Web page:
Letters

Hyperbilirubinaemia in term infants

BMJ 2000; 320 doi: https://doi.org/10.1136/bmj.320.7227.119 (Published 08 January 2000) Cite this as: BMJ 2000;320:119

Identifying infants who might benefit from routine measurement of bilirubin during first 48–72 hours of life

  1. Simon Mitchell, consultant neonatal paediatrician (mitchell.simon{at}virgin.net),
  2. Narad Mathura, senior house officer
  1. Hope Hospital, Salford M6 8HD
  2. Department of Paediatrics, City Hospital, Birmingham B18 7QH
  3. Center for Breastfeeding, 8 Jan Sebastian Way, Number 13, Sanwich, MA 02563, USA

    EDITOR—The observation reported by Spurgeon of an increased likelihood of readmission with jaundice after earlier neonatal discharge is well made.1 Lee et al showed that jaundice and dehydration were more severe in newborn infants requiring readmission to hospital after the mean age at discharge fell from 4.5 to 2.7 days,2 while Maisels and Kring found a significantly increased risk for readmission with jaundice among newborn infants discharged from hospital before 72 hours of age.3

    In the United Kingdom all newborn infants and mothers can be visited at home regularly by community midwives during the first seven days after discharge. These health professionals are skilled in infant capillary blood sampling and often measure serum bilirubin concentrations as part of their care of mother and infant. The potential clearly exists for possible screening of infants at risk of hyperbilirubinaemia after discharge, but such screening would have to be carefully targeted to avoid an unacceptable increase in workload.

    We retrospectively reviewed the casenotes of all infants of ≥37 weeks' gestation who had been admitted over three years to the neonatal intensive care unit at an inner city district hospital with clinically significant jaundice (serum bilirubin >340 μmol/l). Altogether 21 such patients were admitted (mean age 83.5 hours; mean serum bilirubin concentration 415.3 μmol/l (range 340-768)). Eleven were admitted from postnatal wards and 10 from the community. The diagnosis was glucose 6-phosphate dehydrodgenase deficiency in three cases, ABO incompatibility in 10, physiological (including breast milk) jaundice in six, cephalhaematoma in one, and the Crigler-Najar syndrome in one. One infant was white, nine were Asian, and 10 African or Caribbean; one infant was of mixed Asian and Caribbean parentage.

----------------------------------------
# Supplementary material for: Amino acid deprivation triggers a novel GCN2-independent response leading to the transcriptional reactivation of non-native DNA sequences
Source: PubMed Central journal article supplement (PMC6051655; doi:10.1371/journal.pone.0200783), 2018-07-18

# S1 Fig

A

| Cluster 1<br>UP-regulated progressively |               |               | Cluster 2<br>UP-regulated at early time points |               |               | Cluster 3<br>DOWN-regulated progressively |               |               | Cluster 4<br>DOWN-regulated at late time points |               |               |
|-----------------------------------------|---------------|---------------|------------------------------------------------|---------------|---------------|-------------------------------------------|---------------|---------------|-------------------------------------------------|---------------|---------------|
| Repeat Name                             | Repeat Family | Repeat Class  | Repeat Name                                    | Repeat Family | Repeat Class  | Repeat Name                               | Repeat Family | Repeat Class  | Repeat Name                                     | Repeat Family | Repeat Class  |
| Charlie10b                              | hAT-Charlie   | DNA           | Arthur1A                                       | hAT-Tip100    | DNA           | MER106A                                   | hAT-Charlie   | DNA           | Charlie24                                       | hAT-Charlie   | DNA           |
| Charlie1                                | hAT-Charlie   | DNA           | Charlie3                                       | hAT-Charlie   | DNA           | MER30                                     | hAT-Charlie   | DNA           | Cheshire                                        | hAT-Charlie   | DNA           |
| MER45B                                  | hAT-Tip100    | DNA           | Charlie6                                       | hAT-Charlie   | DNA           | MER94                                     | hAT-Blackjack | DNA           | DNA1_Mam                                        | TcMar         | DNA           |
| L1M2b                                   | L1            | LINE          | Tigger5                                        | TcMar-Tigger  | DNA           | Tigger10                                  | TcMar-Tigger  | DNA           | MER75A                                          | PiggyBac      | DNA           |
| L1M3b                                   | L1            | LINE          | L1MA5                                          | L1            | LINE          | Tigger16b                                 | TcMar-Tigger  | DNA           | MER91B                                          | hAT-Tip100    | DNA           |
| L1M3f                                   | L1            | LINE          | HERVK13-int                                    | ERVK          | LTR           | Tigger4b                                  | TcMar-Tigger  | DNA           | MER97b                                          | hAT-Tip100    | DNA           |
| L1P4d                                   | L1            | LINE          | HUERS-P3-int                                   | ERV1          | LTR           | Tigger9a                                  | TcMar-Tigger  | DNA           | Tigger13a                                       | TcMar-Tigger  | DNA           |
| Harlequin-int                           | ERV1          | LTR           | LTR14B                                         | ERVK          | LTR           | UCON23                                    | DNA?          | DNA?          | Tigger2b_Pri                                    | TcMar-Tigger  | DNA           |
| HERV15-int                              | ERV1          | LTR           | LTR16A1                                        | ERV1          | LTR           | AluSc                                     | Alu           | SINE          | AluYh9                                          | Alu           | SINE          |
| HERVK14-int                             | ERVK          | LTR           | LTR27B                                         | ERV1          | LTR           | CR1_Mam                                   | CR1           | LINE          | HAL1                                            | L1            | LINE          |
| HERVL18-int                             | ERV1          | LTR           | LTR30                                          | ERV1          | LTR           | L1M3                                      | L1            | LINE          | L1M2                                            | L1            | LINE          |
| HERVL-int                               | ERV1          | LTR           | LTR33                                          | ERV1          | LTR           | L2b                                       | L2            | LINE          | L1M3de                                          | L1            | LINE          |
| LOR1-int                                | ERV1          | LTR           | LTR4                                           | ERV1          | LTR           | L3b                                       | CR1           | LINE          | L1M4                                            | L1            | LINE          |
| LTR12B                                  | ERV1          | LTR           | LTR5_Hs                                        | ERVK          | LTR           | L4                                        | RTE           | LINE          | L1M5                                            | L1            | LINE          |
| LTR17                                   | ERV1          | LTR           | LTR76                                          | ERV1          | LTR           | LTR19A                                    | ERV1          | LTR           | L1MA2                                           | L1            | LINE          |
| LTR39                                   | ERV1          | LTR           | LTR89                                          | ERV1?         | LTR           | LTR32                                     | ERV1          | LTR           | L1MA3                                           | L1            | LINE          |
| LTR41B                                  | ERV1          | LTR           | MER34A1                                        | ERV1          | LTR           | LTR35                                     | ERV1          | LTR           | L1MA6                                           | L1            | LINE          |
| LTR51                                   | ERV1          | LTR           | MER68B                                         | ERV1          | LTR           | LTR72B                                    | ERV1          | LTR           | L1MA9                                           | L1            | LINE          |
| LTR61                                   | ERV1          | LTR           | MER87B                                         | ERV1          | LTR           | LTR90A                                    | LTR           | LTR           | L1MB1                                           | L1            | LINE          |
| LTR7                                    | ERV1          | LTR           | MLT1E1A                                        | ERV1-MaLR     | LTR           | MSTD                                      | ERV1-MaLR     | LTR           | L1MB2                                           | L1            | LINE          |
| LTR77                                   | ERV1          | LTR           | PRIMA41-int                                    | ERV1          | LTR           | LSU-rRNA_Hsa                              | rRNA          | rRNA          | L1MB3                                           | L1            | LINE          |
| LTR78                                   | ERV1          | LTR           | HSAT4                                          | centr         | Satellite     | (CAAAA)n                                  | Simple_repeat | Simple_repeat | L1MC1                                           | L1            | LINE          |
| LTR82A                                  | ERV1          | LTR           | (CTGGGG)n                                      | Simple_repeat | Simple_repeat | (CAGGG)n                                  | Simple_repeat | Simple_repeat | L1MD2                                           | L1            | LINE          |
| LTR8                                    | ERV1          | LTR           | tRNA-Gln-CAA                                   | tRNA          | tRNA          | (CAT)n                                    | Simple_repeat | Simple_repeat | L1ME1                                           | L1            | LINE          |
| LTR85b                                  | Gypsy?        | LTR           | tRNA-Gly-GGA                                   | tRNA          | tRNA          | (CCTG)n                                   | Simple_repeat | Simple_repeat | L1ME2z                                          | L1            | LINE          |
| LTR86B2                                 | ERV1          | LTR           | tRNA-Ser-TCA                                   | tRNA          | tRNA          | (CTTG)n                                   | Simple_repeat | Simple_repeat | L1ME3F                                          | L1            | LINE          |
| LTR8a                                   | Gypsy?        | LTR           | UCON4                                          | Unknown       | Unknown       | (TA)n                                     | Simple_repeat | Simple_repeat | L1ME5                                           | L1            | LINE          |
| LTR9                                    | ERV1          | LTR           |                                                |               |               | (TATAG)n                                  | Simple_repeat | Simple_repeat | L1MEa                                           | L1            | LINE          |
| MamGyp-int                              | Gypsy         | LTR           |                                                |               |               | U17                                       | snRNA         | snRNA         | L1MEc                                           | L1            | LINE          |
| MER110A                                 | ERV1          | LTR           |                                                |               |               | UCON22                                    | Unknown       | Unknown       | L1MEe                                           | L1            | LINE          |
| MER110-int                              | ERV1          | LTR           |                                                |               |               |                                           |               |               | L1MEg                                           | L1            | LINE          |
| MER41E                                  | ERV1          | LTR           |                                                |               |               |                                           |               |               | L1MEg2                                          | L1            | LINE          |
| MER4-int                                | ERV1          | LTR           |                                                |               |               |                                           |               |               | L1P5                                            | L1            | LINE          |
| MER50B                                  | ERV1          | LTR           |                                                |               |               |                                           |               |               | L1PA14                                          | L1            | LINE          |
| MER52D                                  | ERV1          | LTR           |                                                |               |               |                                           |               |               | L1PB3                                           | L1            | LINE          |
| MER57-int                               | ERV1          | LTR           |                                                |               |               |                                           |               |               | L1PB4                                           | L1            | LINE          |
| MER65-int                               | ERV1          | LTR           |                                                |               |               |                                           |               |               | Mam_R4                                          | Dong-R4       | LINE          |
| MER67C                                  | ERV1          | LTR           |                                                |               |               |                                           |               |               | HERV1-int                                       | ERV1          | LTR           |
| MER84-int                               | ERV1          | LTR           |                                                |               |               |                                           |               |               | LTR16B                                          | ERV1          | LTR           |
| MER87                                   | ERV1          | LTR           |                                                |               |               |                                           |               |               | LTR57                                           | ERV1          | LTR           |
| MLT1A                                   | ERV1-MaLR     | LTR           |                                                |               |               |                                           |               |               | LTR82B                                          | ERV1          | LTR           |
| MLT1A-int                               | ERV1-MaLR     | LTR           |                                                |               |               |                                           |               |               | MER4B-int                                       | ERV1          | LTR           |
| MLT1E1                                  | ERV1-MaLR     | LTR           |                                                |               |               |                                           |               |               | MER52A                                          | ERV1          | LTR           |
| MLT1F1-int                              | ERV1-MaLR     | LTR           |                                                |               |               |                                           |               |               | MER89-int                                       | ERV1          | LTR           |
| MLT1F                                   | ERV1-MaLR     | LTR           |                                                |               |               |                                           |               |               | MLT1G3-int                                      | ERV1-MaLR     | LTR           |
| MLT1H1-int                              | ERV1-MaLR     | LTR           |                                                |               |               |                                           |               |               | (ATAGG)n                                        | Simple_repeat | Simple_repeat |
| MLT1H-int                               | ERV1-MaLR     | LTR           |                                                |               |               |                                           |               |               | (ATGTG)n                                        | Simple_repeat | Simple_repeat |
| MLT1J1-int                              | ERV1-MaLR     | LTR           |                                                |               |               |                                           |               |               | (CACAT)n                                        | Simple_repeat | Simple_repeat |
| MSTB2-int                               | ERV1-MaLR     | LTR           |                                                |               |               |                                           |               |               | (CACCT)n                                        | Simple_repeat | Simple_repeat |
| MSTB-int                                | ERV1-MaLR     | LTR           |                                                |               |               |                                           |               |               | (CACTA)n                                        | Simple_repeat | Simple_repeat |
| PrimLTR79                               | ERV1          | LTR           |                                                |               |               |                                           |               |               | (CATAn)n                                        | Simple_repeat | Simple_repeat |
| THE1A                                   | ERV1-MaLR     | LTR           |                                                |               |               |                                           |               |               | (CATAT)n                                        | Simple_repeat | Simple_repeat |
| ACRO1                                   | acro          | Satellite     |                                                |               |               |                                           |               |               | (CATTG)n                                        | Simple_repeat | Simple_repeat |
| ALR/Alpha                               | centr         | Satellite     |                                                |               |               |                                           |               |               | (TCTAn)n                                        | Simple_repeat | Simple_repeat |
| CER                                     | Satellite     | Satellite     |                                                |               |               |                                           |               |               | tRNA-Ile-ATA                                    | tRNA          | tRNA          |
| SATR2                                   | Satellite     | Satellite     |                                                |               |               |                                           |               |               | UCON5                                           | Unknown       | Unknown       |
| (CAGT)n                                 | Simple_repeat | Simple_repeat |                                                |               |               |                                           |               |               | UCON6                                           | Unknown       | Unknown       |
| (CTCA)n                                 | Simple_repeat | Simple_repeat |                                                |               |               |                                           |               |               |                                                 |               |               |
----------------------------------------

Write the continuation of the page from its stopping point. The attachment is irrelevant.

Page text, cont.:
The mean age at admission of infants from the postnatal wards was 59.8 hours and from the community 109.5 hours (two sample unpaired t test, P=0.0004). Mean serum bilirubin concentration was 396.6 μmol/l (range 340-479) and 435.9 μmol/l (range 354-768) respectively. Of the 11 infants from the postnatal wards, eight had ABO incompatibility, two physiological jaundice, and one cephalhaematoma. Of the 10 from the community, three had glucose 6-phosphate dehydrodgenase deficiency, two ABO incompatibility, four physiological jaundice, and one the Crigler-Najar syndrome.

    Although based on small numbers, our survey shows that infants who might benefit from routine measurement of serum bilirubin concentration during the first 48–72 hours of life include those of Asian and African or Caribbean ethnic groups and those from groups with a high prevalence of glucose 6-phosphate deficiency. This may result in the earlier detection of clinically significant neonatal jaundice in most cases.

    References

    1. 1.
    2. 2.
    3. 3.

    Hyperbilirubinaemia is a marker for inadequate breast feeding

    1. Nikki Lee, faculty member
    1. Hope Hospital, Salford M6 8HD
    2. Department of Paediatrics, City Hospital, Birmingham B18 7QH
    3. Center for Breastfeeding, 8 Jan Sebastian Way, Number 13, Sanwich, MA 02563, USA

      EDITOR—The study reported by Spurgeon found that the most common reason for neonatal readmission was hyperbilirubinaemia and that readmission rates had increased since hospital stay after delivery had decreased.1 Perhaps this reflects a lack of community health services and support for new mothers. In the United States women are often discharged to little or no help at home. Their husband (if they have one) or their mother might be able to take a week off work to help, but that is all. They might receive one visit from a nurse during the first week. This is not enough. Other cultures offer months of support after delivery. This support can come from female relatives (as in Sierra Leone) or healthcare professionals (Plunkett nurses in New Zealand).

      New mothers who lack support are prone to postpartum sadness and problems with breast feeding. Hyperbilirubinaemia is a marker for inadequate breastfeeding. 2 3 There may be nothing wrong with sending women home early from hospital, so long as they have help at home from the community until breast feeding is well established and their confidence is strong.

      References

      1. 1.
      2. 2.
      3. 3.
      View Abstract

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